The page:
Happy new year! Am I too late? In a “Seinfeld” episode, Jerry and Elaine contemplated how long a “happy new year” greeting is acceptable. They never did figure out how late is “too late,” but you can usually get away with a “Happy New Year” until about Jan. 21.
Happy new year!
Am I too late?
In a “Seinfeld” episode, Jerry and Elaine contemplated how long a “happy new year” greeting is acceptable.
They never did figure out how late is “too late,” but you can usually get away with a “Happy New Year” until about Jan. 21. After that, most of us are too busy baking Groundhog Day cakes or buying eggs to decorate for Presidents Day.
That explains why there’s no niche for “Belated Happy?New Year” greeting cards. Like:
“Better late than never / I lost track of time / Have a Happy New Year / and a merry Auld Lang Syne.”
Maybe that’s the reason those cards haven’t caught on: weak rhyming schemes.
In China, they don’t have this problem. The Chinese New Year begins near the end of January and lasts for a half-month. Over there, the new year never gets old.
In our society, the holiday consists mainly of New Year’s Eve Day Night. The Chinese New Year is a much more extended process, as we know from the signature Chinese New Year song:
“On the first day of new year / my true love gave to me / a dragon in pear tree.”
Each day, the verses are layered in “Row, Row, Row Your Boat” fashion: “12 oxen oxing, 11 tigers tiging,” and so on. Twelve days later, you’re done and there are still three days you can’t sing about. You do the math.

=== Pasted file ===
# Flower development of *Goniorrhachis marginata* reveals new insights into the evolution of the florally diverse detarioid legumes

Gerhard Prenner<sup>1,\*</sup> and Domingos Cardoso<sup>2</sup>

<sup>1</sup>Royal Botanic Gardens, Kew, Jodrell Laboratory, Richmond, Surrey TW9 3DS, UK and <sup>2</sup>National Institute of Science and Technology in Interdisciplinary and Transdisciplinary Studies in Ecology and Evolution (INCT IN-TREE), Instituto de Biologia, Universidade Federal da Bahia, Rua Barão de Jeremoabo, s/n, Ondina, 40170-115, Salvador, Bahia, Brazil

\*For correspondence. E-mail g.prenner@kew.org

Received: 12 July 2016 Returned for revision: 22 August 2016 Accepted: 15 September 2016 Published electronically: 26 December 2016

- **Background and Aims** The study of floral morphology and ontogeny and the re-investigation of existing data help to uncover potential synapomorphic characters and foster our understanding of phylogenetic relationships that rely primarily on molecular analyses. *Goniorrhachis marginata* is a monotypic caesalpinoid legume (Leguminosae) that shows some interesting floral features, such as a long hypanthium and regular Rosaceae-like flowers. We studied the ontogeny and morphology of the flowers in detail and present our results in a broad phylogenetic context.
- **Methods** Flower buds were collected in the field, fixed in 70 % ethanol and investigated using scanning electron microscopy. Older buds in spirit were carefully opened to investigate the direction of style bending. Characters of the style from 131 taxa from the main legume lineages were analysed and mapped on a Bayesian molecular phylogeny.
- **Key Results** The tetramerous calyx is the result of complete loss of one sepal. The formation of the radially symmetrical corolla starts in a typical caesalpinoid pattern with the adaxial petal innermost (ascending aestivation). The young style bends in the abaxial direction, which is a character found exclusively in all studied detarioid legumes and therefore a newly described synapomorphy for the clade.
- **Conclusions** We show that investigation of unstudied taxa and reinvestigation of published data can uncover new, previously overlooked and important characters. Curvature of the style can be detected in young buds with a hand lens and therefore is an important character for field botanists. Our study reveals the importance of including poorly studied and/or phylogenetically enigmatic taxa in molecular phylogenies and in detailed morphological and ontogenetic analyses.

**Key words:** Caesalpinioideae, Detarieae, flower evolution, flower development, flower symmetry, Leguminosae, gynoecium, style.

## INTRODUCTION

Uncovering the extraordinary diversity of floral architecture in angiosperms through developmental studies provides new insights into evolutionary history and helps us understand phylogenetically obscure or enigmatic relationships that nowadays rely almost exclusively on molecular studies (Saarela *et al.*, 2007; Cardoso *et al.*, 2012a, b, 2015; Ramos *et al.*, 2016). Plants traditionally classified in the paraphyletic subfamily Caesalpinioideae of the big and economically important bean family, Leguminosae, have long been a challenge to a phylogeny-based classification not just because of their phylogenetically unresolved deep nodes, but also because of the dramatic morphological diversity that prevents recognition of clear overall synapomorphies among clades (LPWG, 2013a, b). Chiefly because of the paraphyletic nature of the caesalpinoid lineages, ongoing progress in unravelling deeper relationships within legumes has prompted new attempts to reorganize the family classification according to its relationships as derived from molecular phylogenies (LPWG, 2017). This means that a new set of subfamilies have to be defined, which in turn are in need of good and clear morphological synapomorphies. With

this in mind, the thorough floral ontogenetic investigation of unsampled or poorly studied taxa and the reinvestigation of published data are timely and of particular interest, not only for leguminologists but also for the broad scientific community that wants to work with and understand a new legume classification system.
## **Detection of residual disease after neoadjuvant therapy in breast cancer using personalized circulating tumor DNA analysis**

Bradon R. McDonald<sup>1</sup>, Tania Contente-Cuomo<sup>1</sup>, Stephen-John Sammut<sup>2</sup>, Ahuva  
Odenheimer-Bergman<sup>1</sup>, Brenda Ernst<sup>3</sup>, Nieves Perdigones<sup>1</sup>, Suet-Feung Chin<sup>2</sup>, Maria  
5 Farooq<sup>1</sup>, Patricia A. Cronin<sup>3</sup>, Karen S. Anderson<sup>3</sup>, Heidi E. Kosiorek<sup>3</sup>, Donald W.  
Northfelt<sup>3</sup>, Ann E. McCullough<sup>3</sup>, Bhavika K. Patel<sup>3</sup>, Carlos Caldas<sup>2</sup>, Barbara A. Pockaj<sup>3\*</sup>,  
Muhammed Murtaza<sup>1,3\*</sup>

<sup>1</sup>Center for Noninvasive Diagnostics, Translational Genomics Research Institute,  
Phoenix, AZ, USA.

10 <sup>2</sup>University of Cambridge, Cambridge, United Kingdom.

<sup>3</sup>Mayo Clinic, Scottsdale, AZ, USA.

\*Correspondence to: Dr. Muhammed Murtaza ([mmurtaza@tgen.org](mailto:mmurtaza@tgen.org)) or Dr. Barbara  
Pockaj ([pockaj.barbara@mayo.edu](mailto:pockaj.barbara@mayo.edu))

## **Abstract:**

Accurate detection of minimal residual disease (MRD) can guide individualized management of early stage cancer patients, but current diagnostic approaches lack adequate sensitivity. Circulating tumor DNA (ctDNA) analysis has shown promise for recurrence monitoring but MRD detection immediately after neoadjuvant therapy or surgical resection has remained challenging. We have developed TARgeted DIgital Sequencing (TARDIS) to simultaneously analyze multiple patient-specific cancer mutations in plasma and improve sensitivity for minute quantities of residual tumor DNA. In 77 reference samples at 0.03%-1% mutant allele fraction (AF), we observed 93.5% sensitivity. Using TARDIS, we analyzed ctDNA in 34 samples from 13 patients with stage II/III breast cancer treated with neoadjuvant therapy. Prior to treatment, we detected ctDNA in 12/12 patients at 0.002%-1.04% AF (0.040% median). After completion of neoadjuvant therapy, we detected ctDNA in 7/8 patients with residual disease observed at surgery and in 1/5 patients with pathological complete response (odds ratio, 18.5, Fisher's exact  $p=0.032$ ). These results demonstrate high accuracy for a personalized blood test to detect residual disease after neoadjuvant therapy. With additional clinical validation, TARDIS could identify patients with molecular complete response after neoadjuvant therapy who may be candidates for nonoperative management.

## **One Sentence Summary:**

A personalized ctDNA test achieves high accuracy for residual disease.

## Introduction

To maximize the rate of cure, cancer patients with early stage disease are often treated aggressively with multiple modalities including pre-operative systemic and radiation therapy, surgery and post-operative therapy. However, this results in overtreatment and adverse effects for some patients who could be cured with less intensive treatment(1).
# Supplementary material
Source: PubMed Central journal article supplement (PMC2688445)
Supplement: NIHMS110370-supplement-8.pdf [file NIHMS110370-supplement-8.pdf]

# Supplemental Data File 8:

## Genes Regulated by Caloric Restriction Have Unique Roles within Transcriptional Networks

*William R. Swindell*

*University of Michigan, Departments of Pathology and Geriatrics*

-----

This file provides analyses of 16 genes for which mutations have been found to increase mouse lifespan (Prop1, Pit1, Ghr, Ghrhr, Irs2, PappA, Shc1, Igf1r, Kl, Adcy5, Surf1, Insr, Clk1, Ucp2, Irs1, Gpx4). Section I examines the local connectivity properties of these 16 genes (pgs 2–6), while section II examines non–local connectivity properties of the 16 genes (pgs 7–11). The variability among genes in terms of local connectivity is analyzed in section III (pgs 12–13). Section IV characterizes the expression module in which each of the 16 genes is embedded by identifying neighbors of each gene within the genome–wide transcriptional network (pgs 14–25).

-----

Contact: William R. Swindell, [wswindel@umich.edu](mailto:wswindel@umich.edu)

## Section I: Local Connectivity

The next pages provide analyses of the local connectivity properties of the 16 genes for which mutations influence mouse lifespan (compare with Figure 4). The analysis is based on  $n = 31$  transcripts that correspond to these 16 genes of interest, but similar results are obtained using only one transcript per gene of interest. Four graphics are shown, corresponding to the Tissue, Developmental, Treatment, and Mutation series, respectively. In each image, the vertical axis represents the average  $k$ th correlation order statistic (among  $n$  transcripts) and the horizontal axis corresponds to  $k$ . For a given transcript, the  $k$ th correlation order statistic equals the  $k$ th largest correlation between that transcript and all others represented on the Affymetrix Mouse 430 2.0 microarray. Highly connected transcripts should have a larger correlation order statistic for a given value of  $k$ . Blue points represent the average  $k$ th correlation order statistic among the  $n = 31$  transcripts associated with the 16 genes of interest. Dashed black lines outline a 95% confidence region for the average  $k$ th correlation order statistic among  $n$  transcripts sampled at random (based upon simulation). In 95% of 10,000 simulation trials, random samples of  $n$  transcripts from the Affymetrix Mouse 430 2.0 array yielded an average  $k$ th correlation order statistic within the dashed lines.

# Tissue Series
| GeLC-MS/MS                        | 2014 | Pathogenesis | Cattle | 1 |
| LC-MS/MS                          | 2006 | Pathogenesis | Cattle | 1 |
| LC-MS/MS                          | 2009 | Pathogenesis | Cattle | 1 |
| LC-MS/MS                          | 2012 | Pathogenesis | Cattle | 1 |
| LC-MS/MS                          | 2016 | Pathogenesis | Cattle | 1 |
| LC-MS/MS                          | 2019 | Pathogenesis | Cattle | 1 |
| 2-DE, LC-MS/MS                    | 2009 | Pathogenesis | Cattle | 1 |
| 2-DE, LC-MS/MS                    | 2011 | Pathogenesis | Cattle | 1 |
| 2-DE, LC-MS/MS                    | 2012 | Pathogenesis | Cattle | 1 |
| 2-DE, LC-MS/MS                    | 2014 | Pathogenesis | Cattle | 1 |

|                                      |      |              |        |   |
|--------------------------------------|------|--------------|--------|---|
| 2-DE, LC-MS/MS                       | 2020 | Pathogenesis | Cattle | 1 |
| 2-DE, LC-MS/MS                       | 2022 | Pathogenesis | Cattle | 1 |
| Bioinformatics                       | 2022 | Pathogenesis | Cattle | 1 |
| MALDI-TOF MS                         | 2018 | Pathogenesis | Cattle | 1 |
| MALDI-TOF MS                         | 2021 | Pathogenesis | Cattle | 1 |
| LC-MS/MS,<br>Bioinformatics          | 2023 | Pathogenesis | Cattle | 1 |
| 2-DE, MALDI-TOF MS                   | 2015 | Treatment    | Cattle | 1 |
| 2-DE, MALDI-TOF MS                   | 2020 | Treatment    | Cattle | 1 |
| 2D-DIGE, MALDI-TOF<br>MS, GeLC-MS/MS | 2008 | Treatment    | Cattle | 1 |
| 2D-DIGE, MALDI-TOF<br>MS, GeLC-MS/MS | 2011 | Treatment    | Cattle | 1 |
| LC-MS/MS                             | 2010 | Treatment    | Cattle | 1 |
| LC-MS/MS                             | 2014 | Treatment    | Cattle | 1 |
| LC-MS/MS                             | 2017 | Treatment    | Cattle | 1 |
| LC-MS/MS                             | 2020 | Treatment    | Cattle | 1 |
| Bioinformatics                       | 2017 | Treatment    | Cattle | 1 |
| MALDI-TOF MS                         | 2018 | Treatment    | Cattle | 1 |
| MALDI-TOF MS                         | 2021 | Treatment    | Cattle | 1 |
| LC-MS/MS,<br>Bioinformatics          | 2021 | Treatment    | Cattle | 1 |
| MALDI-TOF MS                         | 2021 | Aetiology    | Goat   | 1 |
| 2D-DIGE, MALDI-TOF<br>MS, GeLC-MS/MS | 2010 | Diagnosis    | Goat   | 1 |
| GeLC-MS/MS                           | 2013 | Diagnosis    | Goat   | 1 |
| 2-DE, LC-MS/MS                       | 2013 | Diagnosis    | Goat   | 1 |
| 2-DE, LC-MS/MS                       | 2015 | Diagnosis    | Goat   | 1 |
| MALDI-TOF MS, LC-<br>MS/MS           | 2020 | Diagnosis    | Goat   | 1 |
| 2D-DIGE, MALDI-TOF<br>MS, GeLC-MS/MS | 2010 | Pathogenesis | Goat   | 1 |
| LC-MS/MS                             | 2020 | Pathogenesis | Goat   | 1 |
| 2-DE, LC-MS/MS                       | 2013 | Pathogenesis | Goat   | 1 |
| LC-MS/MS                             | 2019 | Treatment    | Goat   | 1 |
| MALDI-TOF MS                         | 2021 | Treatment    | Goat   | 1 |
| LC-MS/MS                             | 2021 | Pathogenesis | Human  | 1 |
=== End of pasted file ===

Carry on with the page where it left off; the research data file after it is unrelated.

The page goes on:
So why don’t we get hung-up about a late new-year greetings??If you miss your chance the first week of January, most of us don’t tend to think about it.
If the New Year holiday lacked identity — like Labor Day — I could understand. But it has a personality. To prove it, try cross-pollinating it on a different occasion.
“Did you get your sweetheart a valentine?”
“No, but I did give her a box of chocolate-covered noisemakers, champagne-flavored roses and a heart-shaped party hat.”
Once a holiday passes, we don’t think about it for any length of time, or even any width of time.
When you see a box of unused sparklers languishing in your closet on St. Patrick’s Day, you tend to think, “What are these thin metal rods that contain metallic fuel and oxidizer??They don’t evoke much excitement for me at this time of year.”
In some respects, our “next!” mentality is good. Otherwise, people would keep Pilgrim-o-lanterns on their porch year-round or, heaven forbid, we’d create something ridiculous like “Christmas in July.”
That would be worse than playing the Super Bowl in February.
Dennis Volkert is features editor at the Sturgis Journal. Contact him at volkert@